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More evidence of "flushable"product failure


More evidence of “flushable” product failure

8 April 2019

An international study of so-called flushable products such as wet wipes has found that, despite manufacturers’ claims, virtually no products break down to an acceptable degree when flushed down toilets.

The final report of the Canadian test, Defining Flushability for Sewer Use (LINK TO REPORT) tested a range of products that can be bought in local stores or available online against recently agreed international flushability standards.

It found that not a single so-called flushable product fully disintegrated and fewer than ten percent of products partially disintegrated in the testing.

Water New Zealand Technical Manager, Noel Roberts says this result is shocking but not surprising.

He says he’s confident that if similar tests were done in New Zealand, we would find very similar results.

“The production of cleaning and personal hygiene products, such as wet wipes, has grown to a multi-billion dollar global business and is set to continue growing.

He says that unfortunately, many manufacturers are using misleading testing methods to label them as flushable.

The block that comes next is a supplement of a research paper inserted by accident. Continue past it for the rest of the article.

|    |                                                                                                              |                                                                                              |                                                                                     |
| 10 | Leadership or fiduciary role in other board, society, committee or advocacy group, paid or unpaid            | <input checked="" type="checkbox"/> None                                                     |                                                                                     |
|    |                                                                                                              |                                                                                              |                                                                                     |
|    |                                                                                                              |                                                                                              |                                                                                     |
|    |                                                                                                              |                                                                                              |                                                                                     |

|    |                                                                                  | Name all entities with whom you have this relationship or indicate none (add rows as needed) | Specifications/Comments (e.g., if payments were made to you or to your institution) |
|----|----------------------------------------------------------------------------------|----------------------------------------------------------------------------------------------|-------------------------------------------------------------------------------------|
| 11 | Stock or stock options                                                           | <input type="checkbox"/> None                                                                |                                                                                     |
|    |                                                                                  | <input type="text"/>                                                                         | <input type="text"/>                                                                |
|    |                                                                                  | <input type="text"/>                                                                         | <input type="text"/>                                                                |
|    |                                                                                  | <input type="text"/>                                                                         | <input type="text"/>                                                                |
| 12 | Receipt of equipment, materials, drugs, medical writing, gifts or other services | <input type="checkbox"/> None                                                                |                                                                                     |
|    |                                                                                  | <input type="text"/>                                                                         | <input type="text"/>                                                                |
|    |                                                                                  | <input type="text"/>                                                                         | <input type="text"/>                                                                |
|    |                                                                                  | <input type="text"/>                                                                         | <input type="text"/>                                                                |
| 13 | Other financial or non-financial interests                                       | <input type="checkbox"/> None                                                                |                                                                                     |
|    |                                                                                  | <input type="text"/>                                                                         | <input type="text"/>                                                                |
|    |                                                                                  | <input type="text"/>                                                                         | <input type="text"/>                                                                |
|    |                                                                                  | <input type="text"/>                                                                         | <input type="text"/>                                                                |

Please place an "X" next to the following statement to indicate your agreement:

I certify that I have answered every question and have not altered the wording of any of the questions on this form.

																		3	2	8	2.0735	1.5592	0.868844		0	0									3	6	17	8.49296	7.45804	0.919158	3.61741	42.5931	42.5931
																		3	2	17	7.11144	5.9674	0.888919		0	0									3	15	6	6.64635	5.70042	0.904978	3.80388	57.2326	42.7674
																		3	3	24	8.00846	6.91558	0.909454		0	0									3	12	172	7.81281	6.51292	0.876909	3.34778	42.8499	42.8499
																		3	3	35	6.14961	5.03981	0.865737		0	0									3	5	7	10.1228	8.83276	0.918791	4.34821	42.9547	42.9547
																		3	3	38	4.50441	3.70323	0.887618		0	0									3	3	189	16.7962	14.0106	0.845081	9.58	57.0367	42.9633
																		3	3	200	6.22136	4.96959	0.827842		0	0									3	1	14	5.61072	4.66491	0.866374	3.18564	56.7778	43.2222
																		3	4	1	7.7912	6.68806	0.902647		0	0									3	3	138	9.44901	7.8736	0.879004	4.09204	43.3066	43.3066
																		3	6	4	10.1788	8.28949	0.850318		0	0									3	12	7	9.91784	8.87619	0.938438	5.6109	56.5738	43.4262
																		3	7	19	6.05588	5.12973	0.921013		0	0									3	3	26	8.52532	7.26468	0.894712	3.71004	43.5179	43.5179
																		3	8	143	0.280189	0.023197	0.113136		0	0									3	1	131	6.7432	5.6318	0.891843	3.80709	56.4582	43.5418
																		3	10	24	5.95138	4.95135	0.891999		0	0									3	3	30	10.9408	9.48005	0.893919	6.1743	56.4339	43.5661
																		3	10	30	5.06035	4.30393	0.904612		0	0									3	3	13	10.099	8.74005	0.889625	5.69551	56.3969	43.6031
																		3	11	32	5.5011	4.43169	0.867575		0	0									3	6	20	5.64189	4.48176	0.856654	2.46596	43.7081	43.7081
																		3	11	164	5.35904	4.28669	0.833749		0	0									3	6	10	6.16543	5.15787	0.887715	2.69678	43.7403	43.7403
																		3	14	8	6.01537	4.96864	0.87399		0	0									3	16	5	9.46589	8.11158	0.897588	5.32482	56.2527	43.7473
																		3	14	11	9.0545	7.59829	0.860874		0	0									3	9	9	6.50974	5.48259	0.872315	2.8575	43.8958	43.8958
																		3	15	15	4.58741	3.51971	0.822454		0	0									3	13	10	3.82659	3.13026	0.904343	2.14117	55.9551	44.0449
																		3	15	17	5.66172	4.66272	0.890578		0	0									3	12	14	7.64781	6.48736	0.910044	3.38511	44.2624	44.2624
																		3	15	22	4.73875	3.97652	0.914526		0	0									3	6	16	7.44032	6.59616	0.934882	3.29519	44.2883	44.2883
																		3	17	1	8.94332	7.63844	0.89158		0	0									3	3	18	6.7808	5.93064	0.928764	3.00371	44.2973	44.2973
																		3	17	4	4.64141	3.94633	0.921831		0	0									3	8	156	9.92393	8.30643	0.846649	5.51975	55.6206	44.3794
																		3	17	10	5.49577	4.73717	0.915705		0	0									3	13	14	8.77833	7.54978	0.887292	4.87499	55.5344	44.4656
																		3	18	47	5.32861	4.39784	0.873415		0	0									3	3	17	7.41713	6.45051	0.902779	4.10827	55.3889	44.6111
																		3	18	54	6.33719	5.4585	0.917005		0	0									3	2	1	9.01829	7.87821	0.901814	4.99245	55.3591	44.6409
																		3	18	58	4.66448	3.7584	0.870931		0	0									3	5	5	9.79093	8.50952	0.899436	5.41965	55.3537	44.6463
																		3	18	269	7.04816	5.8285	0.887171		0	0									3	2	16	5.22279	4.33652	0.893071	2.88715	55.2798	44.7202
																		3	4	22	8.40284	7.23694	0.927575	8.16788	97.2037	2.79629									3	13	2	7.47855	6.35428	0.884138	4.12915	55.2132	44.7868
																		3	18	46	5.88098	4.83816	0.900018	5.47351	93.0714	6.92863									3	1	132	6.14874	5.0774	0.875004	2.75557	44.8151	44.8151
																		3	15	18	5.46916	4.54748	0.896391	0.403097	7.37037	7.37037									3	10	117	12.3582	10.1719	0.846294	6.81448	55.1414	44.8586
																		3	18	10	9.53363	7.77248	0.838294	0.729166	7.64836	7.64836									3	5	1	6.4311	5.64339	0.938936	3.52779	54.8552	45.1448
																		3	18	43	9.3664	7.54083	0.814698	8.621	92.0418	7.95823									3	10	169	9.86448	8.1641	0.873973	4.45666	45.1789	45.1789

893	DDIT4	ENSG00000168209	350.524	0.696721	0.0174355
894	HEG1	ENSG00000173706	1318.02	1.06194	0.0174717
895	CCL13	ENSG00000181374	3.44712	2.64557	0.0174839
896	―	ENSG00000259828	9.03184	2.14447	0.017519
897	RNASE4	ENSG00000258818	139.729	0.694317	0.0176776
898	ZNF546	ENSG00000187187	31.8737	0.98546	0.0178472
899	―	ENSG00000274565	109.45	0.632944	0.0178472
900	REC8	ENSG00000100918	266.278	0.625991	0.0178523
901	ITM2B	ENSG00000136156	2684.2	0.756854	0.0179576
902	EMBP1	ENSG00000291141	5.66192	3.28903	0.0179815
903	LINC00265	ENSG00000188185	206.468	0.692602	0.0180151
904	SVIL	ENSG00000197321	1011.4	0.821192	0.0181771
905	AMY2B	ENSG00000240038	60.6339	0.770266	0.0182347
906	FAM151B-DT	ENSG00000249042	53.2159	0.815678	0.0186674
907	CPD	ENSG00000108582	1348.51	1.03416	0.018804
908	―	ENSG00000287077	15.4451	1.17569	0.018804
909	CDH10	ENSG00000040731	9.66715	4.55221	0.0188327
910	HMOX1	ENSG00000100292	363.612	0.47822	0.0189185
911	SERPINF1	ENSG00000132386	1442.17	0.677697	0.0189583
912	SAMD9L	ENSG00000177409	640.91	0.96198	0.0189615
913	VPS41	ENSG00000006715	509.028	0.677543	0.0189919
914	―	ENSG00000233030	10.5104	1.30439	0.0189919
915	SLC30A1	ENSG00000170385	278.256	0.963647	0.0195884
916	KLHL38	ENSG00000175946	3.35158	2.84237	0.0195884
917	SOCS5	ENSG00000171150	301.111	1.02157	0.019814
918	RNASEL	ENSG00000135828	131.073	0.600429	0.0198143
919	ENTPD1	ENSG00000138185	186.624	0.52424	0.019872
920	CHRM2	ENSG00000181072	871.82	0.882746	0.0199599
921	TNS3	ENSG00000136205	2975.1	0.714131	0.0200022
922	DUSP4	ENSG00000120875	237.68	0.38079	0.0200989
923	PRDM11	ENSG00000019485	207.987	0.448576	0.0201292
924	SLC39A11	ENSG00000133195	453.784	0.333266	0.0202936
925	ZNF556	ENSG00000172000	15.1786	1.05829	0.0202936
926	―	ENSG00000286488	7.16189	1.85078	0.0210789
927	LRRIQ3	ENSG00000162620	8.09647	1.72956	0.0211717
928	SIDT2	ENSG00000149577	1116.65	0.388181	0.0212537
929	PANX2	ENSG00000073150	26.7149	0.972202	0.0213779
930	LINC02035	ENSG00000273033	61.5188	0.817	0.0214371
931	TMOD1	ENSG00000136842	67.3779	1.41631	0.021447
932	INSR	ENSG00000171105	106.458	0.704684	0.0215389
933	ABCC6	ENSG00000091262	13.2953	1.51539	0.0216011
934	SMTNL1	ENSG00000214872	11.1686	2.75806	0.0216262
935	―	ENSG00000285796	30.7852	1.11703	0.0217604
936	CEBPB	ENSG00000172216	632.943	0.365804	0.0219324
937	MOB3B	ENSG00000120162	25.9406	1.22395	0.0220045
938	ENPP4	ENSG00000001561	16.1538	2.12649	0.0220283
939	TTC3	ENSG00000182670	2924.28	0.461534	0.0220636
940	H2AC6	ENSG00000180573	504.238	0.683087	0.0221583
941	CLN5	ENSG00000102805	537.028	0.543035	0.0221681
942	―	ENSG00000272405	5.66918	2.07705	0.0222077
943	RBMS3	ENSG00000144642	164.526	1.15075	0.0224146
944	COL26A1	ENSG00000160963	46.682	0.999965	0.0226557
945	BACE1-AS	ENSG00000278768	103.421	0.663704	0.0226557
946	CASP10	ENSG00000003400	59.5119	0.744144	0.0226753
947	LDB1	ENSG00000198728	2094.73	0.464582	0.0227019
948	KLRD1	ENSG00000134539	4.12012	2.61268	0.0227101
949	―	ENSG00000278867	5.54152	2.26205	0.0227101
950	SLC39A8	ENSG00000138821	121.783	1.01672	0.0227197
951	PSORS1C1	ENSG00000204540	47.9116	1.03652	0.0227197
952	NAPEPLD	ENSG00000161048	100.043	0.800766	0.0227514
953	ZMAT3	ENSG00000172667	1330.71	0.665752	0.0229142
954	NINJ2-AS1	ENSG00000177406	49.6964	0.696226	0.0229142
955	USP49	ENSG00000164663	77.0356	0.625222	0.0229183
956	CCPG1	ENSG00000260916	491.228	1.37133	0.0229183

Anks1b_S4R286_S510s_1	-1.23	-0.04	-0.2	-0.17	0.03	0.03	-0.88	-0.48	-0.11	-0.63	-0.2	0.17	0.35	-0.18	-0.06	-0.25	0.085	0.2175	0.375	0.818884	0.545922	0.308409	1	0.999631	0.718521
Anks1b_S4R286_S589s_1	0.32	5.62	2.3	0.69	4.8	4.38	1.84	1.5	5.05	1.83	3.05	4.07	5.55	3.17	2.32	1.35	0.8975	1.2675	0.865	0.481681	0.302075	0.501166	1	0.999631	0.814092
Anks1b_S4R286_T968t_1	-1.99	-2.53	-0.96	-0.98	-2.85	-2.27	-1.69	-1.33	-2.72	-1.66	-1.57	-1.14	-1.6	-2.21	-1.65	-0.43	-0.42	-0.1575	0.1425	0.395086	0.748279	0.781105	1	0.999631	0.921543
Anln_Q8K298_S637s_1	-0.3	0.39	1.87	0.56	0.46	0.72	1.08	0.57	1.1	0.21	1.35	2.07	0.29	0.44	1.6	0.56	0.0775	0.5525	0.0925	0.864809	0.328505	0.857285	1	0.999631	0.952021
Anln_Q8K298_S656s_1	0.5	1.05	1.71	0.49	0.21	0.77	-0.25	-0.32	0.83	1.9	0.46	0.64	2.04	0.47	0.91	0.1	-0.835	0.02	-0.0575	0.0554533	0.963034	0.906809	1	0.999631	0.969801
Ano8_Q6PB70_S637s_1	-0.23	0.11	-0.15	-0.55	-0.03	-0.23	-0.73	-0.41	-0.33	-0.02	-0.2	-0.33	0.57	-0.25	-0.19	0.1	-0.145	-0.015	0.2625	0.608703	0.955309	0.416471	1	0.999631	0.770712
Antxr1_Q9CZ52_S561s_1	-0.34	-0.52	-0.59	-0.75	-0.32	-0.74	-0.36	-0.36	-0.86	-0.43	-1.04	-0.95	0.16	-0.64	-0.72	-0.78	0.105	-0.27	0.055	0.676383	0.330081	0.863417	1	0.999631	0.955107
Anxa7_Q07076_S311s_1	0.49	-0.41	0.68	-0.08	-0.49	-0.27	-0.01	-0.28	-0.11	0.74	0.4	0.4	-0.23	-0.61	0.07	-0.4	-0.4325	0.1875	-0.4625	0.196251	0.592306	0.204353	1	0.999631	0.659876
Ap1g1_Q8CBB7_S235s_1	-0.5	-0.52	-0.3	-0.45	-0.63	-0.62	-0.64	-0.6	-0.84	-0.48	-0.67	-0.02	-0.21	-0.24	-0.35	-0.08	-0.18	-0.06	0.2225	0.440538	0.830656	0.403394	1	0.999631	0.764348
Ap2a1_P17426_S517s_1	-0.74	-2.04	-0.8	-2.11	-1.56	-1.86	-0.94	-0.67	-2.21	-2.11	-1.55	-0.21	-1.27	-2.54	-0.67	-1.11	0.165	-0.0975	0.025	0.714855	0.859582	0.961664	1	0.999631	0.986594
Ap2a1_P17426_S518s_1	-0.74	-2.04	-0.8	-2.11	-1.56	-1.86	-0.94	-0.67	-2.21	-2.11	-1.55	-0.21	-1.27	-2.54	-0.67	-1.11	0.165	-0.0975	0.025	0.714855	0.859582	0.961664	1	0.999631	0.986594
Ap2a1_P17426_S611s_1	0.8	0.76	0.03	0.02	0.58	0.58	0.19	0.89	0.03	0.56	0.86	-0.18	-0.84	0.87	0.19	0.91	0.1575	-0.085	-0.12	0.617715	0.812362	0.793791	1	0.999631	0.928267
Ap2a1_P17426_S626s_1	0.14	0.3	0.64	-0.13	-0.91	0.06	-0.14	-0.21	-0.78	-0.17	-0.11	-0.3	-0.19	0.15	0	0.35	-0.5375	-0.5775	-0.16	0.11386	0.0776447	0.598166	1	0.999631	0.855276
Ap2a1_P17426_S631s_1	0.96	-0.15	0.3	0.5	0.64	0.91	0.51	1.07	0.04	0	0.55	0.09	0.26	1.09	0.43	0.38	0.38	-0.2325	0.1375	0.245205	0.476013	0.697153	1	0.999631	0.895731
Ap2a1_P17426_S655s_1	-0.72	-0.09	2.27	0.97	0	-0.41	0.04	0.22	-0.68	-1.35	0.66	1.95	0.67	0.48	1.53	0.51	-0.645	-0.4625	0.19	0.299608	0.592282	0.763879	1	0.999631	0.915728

“We also know that there are issues around labelling so many people are not aware of the damage that the flushing of wipes and other non-flushable products do to our environment and sewer pipes.

“As this latest international test has shown, only pee, poo and toilet paper pass the flushable test.

Water New Zealand’s latest performance comparison report, the National Performance Review (LINK) has found that since 2015-16 the number of sewage overflows caused by inappropriate flushing of wipes and other non-flushables in this country increased five-fold.

“This is costing New Zealand ratepayers at least $16m a year in clearing blockages as well as contaminating the environment through sewage overflows.”

“That’s why, at Water New Zealand, we are working with our Australian counterparts to come up with joint Australian-New Zealand standards similar to the International Water Services Flushability Group (IWSFG) specification that the recent Canadian test was based on.

“Once this is completed, we will be able to test products in New Zealand to ensure correct product labelling.”

“In the meantime, it’s important that consumers throw these products in bins and not downtoilets in order to avoid expensive and unnecessary costs to ratepayers and the environment.”